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Proterra, based in Burlingame, California, is planning an initial public offering, but would not give a timeline for the debut.

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An Obama-era program that sets aside $55 million a year in grants to help transit agencies purchase clean buses will expire in 2020 if not renewed by Congress.Market research firm Navigant Research expects electric buses to make up 27 percent of new U. In environmentally friendly San Francisco, officials have resisted electrics over concerns about the city’s famously steep hills.“The technology isn’t quite there yet,” Erica Kato, a spokeswoman for the San Francisco Municipal Transportation Agency, said in a statement. An electric bus tested last year near Phoenix wilted in the summer heat due to the strains of running the air conditioning.December 13, 2017 (This December 12 story corrects attribution in paragraph 4) By Nichola Groom LOS ANGELES (Reuters) – Communities across the United States are looking to replace their dirty diesel buses, ushering in what some analysts predict will be a boom in electric fleets. A typical 40-foot electric bus costs around $750,000, compared with about $435,000 for a diesel bus.But transit agencies doing the buying are moving cautiously, an analysis by Reuters shows. Cheaper fuel and maintenance expenses can lower the overall costs over the 12-year life of the vehicles.But even green-energy advocates are skeptical of such rosy predictions.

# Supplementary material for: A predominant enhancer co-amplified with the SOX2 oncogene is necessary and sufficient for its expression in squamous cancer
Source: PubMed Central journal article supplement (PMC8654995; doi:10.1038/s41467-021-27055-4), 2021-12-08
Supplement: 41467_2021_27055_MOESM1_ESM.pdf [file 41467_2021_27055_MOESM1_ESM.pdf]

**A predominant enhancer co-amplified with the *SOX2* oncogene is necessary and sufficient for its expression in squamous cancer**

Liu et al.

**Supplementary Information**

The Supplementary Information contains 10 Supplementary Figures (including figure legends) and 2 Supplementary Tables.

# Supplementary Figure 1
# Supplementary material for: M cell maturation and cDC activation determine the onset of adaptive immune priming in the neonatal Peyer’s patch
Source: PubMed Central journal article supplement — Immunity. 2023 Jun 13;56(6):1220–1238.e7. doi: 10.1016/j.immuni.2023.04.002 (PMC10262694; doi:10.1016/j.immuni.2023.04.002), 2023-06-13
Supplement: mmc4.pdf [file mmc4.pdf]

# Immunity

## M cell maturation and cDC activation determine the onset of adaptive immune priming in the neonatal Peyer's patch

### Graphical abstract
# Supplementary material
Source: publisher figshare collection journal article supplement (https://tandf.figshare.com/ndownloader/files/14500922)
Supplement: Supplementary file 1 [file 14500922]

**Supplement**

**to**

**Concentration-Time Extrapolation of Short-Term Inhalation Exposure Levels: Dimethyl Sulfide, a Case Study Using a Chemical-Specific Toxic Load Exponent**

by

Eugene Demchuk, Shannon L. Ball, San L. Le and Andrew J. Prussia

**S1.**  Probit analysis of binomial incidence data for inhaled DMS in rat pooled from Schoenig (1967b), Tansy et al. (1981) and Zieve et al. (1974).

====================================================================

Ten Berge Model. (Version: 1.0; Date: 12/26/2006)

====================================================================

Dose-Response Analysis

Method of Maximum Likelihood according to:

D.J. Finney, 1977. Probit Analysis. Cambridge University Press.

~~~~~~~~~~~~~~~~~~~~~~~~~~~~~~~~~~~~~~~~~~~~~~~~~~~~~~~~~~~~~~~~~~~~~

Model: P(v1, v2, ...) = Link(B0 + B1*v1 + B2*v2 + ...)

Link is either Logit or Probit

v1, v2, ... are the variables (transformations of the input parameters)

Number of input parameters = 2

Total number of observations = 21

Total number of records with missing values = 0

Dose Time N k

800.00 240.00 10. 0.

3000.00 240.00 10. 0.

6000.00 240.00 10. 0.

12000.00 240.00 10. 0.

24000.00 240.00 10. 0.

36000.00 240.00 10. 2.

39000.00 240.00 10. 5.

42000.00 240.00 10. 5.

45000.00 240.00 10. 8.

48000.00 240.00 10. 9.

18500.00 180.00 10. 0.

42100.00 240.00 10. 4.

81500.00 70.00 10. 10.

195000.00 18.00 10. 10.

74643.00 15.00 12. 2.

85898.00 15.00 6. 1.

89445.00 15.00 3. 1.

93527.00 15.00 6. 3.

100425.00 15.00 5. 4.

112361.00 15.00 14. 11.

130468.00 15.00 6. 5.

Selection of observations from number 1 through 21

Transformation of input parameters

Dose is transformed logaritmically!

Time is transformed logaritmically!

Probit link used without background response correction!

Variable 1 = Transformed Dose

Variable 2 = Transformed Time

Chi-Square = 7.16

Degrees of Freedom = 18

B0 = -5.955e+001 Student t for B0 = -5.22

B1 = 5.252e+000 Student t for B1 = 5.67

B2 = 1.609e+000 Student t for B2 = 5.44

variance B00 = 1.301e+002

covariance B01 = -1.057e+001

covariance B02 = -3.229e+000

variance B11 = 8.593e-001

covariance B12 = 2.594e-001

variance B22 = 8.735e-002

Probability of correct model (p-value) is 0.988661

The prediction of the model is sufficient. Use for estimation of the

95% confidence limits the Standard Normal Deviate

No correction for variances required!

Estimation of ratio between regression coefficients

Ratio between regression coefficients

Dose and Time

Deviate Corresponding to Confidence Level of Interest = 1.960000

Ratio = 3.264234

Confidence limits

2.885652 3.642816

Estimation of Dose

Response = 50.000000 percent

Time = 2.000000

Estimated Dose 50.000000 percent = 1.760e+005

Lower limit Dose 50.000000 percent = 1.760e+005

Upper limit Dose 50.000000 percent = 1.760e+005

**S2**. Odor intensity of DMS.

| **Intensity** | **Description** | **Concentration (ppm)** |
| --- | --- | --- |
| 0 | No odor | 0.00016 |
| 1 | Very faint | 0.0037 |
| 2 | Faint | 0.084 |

CALSTART, a California-based nonprofit that promotes clean transportation, figures 50 percent to 60 percent of new buses will be zero emissions by 2030. NOT QUITE THERE YET Transit agencies have found EV performance lags in extreme conditions.

Bus ridership is falling nationwide, according to the American Public Transportation Association, and transit officials say they are trying to keep a lid on fares. market, the company has just a handful of pure battery electrics in service. Remember 20 years ago someone paid $20,000 for a plasma TV and then 10 years later it was $900 at Best Buy,” said Stoddart, senior vice president of engineering and customer service for New Flyer.

The technology is still a gamble for many cities, says Chris Stoddart, an executive at Canadian bus maker New Flyer Industries Inc . “People just don’t want a science project.” Rival electric bus manufacturers expect dramatic growth; the most ambitious forecasts call for all bus purchases to be electric by 2030.

Seattle’s King County Metro transit agency soon will be operating more than a dozen vehicles by three manufacturers, according to Pete Melin, director of zero emission fleet technologies. Still, Melin said, high electricity rates from the local utility at peak demand periods are a concern.

And the lack of a uniform charging system among bus makers has complicated Seattle’s goal of running an all-electric fleet by 2034.

Foothill Transit, in Southern California, has been operating Proterra buses since 2010.